Scott won the governor's race four years ago by about 1 percentage point -- 61,000 votes -- and he won Tuesday by about 1 percentage point -- about 66,000 votes. Razor-thin races can be all the more painful to the losing campaigns because it leaves greater room for second-guessing.

Scott's campaign crows

"They will have four more years to revise history if that will make them feel better," said Tim Saler, Scott's deputy campaign manager. "The facts are that the better candidate won and Gov. Scott's campaign outworked and outperformed Charlie Crist's in every respect. The proof is on the scoreboard."

That scoreboard also showed that half a million more people voted for the initiative to legalize medical marijuana than voted for Scott.

It wasn't just weak Democratic turnout in South Florida that delivered Scott another four years. Voters in Orange County and Osceola County -- home to a big, liberal-leaning Puerto Rican voting bloc -- weren't motivated to support Crist, either.

And just as important, Scott significantly improved his performance over four years ago in Republican-leaning rural, north Florida counties.

In the Jacksonville area alone, where some Democrats lamented how little time Crist spent there, Scott netted nearly 50,000 more votes than in 2010 against Sink. He beat Sink by about 91,000 votes in that northeast Florida media market and beat Crist by about 140,000.

Focus on Tampa Bay voters

The long-standing political axiom that whoever wins the Tampa Bay region wins the state held true, and no area saw more spending on TV ads. Scott spent at least $20 million on Tampa Bay TV ads, much of which trashed the outfunded Crist, who spent about $11 million.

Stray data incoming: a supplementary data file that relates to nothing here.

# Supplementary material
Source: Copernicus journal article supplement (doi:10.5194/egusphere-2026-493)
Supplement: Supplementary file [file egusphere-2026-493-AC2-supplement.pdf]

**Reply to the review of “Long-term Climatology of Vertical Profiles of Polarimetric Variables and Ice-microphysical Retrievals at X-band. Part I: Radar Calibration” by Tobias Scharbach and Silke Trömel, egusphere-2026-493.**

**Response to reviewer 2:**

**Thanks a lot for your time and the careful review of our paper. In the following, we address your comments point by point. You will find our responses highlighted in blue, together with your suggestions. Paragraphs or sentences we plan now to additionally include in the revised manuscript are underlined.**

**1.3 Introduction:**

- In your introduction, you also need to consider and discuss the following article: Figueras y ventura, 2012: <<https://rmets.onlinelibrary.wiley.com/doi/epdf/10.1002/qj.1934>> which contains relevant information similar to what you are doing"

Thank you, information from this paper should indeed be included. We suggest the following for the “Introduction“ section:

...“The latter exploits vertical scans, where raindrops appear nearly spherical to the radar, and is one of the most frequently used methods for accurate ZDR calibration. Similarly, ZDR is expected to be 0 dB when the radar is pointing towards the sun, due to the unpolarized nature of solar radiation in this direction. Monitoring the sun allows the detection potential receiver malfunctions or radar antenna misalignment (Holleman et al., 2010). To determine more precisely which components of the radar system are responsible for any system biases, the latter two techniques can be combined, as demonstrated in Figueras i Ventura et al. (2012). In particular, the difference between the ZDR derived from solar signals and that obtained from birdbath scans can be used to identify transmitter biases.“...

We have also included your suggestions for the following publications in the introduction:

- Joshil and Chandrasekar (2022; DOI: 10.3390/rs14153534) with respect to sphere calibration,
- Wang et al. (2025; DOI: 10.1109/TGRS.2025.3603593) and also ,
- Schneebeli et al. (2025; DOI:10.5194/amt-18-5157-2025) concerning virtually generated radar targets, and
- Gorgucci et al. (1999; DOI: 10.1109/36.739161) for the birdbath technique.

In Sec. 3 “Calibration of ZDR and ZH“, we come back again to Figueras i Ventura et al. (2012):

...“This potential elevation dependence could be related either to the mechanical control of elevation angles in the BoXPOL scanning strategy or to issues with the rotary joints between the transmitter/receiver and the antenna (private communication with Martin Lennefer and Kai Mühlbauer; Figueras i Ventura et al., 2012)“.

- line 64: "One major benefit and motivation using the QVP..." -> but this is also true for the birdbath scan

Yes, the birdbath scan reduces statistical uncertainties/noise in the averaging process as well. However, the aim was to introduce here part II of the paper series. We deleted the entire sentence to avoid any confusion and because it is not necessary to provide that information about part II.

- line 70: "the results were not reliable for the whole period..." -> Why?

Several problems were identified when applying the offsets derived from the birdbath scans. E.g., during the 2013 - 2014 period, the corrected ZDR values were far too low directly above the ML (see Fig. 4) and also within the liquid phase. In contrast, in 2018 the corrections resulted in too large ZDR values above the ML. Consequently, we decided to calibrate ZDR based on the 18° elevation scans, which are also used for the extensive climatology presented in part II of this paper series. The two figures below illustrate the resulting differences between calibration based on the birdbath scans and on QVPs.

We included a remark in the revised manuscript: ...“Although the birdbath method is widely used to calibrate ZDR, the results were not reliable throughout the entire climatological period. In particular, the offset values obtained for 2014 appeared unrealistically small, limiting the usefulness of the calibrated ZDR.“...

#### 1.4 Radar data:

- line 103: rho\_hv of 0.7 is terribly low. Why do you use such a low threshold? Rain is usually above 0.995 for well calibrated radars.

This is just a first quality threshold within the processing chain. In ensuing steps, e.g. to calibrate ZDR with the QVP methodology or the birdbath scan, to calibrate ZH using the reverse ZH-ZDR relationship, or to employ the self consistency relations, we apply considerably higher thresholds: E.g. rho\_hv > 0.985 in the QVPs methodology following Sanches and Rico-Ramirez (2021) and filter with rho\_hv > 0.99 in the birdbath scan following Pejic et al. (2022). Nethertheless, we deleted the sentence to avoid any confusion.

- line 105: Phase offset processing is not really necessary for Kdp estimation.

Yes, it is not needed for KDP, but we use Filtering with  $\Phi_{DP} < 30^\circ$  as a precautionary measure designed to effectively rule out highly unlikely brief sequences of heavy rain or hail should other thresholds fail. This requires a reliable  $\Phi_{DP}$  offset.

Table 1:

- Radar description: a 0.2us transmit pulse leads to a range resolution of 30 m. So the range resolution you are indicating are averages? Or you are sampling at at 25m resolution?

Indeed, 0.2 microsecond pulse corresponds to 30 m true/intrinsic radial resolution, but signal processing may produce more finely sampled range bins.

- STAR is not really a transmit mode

Even though Crist performed better than Sink had in his home county of Pinellas and neighboring Pasco, he did worse than Sink in Hillsborough. Scott won the overall market 48 percent to 46 percent, 2 percentage points worse than he did in 2010.

In Southeast Florida, Crist also did better than Sink. Crist won the Miami-Fort Lauderdale area by 28 percentage points, compared to Sink's 21 points. And Crist carried the Palm Beach market by 12 percentage points, compared to Sink's 10 in 2010.

In the two North Florida media markets Crist won -- the college towns of Tallahassee and Gainesville -- Scott nevertheless improved his margins by 8 and 7 percentage points, respectively.

The bottom line in Florida elections is that the higher the turnout, the better the prospects for Democrats to win. Florida Democrats have narrowly won the past two presidential races and narrowly lost the past two gubernatorial races.

"It's almost like a cruel game -- win and then lose. Win and then lose," former state Sen. Dan Gelber of Miami Beach, a top campaign adviser to Crist, noted Wednesday. "This one was the hardest yet. So much was at stake and the final infusion of millions was just too hard to overcome. It's sad to contemplate that money may be all you need to win, but in many respects it seems to be true especially in a state with so many expensive media markets."

Herald/Times staff writer Steve Bousquet contributed to this report.